- Information from the New York Times, Associated Press, Cox News Service and Scripps Howard News Service was used in this report.

A deadly chemical cocktail

U. S. officials say a roadside bomb near Baghdad may have been a chemical weapon in the form of a 155mm chemical artillery shell containing the toxic chemical sarin. Because the shell was partof an improvised explosive device (IED), the chemicals did not mix properly and did not have thesame effect as a fired shell.

How it works when fired:

Two chemicals that are not lethal by themselves mix after the shell has been fired to form a deadly gas.

1) Shell fired; 2) firing the shell breaks discs separating chemicals; 3) spinning of shell helps mix chemicals into toxic agent; 4) impact on the fuze sets off burster, spraying shell's contents into air

Sources: U. S. Army Soldier and Biological Chemical Command, Centers for Disease Control and Prevention, globalsecurity.org, FAS Military Analysis Network.


Some facts about sarin:

WHAT IT IS: Originally developed in Germany in 1938 as a pesticide, sarin is a clear, colorless and tasteless liquid that can evaporate into an odorless gas. It is also known as GB.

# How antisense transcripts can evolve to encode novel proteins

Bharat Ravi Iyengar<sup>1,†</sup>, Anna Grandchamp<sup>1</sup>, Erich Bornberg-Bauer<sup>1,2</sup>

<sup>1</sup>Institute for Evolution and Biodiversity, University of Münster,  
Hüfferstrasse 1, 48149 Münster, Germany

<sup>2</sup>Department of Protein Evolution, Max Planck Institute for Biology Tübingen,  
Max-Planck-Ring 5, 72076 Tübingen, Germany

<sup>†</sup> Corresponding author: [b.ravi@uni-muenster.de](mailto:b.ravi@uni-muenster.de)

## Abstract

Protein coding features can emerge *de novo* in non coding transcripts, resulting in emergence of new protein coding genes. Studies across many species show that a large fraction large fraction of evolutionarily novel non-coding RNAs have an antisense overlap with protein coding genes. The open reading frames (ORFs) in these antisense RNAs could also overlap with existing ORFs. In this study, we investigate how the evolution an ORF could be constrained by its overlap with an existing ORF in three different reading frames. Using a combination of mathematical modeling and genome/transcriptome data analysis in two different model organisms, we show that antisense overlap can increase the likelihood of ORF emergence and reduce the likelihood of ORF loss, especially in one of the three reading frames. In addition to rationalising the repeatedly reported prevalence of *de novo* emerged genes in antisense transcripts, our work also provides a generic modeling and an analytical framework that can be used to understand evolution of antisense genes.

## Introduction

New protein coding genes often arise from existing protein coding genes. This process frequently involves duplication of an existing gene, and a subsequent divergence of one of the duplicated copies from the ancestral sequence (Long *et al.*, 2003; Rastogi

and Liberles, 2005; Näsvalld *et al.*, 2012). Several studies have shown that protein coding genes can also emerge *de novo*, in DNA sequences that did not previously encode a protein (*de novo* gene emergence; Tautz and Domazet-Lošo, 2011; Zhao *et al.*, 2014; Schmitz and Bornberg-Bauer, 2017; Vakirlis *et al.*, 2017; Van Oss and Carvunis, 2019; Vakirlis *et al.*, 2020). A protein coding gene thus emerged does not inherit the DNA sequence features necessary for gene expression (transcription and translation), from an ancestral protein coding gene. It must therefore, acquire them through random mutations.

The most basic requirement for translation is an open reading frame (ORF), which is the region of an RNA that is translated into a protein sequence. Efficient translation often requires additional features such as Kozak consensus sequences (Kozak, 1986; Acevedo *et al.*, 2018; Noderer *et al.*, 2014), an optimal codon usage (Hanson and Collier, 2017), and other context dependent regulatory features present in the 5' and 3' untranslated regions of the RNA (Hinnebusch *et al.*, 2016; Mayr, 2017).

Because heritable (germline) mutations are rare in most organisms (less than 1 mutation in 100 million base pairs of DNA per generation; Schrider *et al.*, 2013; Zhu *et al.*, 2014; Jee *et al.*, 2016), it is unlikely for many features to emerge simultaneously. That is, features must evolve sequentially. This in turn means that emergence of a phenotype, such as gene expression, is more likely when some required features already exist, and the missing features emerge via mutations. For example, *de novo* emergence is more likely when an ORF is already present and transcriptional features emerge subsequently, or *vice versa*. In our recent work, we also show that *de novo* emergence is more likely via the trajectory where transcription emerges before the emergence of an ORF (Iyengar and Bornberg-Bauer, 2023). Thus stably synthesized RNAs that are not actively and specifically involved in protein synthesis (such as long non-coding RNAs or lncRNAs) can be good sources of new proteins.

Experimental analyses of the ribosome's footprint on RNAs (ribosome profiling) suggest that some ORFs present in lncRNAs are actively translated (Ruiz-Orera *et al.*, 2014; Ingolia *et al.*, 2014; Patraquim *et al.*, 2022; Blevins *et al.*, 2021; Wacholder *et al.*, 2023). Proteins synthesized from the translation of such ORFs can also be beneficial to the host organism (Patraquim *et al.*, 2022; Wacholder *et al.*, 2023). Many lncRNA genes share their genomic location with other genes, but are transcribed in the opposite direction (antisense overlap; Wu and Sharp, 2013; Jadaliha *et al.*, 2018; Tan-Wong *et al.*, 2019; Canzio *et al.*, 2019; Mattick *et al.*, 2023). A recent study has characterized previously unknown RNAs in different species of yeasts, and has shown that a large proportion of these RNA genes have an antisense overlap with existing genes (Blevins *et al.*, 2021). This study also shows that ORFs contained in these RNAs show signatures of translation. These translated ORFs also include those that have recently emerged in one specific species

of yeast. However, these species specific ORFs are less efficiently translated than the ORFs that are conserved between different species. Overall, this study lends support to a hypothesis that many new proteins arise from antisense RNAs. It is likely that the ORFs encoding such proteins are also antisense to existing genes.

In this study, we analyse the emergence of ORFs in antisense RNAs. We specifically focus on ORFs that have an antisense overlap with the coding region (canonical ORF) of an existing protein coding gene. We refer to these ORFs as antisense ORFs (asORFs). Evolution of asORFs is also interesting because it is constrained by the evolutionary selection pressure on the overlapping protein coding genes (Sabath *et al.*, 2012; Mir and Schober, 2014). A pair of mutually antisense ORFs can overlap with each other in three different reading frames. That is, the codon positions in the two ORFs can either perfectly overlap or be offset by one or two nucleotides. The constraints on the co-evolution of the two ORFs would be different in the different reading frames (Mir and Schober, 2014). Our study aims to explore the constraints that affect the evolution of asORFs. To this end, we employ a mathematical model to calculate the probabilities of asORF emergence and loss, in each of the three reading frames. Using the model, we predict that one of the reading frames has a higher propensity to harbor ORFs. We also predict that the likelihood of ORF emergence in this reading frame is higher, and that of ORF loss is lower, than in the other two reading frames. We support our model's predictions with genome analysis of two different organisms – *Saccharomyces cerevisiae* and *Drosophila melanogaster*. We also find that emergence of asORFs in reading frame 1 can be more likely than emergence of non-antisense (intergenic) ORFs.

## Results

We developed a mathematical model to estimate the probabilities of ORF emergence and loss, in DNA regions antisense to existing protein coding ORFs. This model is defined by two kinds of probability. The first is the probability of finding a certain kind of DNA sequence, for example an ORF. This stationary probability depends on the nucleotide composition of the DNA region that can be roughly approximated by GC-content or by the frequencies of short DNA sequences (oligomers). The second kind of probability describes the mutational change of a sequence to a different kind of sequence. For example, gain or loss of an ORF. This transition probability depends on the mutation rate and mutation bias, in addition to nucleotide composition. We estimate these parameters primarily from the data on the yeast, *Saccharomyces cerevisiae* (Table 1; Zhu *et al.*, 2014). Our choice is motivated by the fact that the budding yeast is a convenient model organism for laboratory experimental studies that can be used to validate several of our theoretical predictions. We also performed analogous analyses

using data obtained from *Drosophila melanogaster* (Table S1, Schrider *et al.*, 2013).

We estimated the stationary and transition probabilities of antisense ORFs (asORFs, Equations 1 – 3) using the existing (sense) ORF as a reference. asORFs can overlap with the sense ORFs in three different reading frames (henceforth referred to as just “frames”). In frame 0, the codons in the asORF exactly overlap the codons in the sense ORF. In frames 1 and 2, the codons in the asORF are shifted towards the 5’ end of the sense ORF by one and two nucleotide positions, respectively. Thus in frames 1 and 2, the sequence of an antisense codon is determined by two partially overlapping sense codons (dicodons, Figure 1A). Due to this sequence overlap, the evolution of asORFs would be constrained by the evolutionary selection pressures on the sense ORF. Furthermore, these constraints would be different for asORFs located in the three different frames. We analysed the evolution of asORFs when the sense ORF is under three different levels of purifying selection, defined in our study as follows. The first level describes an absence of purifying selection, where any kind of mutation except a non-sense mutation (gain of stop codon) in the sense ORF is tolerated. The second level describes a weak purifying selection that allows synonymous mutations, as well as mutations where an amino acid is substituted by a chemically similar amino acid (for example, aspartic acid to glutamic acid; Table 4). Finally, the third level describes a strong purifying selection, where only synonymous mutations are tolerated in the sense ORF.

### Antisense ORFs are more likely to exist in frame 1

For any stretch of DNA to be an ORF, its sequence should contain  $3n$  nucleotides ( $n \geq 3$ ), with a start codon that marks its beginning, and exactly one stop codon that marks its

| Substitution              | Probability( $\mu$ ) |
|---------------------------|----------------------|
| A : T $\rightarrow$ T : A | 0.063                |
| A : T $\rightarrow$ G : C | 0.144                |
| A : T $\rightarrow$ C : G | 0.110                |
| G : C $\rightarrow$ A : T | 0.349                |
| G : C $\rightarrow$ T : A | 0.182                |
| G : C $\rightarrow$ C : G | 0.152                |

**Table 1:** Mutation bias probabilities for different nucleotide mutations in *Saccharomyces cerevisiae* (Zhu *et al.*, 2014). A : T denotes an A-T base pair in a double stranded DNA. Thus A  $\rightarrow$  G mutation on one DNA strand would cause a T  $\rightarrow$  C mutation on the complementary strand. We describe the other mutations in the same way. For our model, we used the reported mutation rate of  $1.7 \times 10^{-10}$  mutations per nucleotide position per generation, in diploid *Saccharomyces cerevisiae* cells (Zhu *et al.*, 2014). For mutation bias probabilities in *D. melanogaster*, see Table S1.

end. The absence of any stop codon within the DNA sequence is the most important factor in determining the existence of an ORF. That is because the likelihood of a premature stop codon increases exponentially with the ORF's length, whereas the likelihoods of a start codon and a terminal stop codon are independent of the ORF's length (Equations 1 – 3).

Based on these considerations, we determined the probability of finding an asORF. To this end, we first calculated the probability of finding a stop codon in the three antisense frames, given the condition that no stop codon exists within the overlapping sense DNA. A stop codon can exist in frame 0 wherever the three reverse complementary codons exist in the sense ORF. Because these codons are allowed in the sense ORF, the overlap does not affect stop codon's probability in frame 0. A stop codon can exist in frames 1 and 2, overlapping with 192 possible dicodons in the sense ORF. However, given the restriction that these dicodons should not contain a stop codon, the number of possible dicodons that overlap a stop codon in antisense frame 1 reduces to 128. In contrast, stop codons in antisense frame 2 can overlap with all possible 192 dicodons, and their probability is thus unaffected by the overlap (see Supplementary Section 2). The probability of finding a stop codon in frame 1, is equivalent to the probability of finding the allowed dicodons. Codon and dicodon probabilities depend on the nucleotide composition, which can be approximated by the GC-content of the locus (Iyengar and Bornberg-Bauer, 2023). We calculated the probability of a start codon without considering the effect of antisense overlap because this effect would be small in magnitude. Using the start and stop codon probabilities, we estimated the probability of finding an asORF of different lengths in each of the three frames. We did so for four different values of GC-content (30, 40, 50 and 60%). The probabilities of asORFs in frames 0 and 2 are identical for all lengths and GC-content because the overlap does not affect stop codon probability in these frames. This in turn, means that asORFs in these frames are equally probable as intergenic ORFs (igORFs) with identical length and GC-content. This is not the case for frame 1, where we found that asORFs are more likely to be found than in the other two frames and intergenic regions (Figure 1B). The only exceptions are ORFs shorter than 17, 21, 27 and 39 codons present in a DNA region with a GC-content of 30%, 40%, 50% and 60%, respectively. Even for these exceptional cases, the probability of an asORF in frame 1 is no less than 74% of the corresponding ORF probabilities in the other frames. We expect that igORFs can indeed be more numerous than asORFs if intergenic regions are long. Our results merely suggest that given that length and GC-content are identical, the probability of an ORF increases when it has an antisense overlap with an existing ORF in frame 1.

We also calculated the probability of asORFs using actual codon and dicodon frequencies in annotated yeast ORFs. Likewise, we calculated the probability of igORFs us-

HOW PEOPLE ARE EXPOSED: Once sarin is released into the air, people can be exposed through skin or eye contact, or breathing air that contains the chemical. It can be used to poison water or food.

WHAT IT DOES: In large enough doses, sarin causes convulsions, paralysis, loss of consciousness and potentially fatal respiratory failure. In smaller doses, people usually recover completely. Symptoms include runny nose and watery eyes, eye pain and blurred vision, drooling, rapid breathing and drowsiness.

ANTIDOTE: The antidote for a lethal amount is a shot that includes the drug atropine, which must be injected into the thigh within minutes.

PRIOR KNOWN USE: The Aum Shinrikyo cult used sarin in 1995 attacks in the Tokyo subway system that killed 12 people.

PRIOR LINK TO IRAQ: Iraq first told U.N. inspectors it had made 812 tons of sarin, then said it had made 790 tons. Iraq also produced binary weapons: bombs carrying two separate chemicals that when combined in an explosion, produce sarin. Iraq acknowledged making thousands of rockets, artillery shells and bombs containing sarin. It used the chemical during its war with Iran in the 1980s and is believed to have used it against Kurdish Iraqi civilians.

Source: Associated Press

Copyright 2004, Times Publishing Company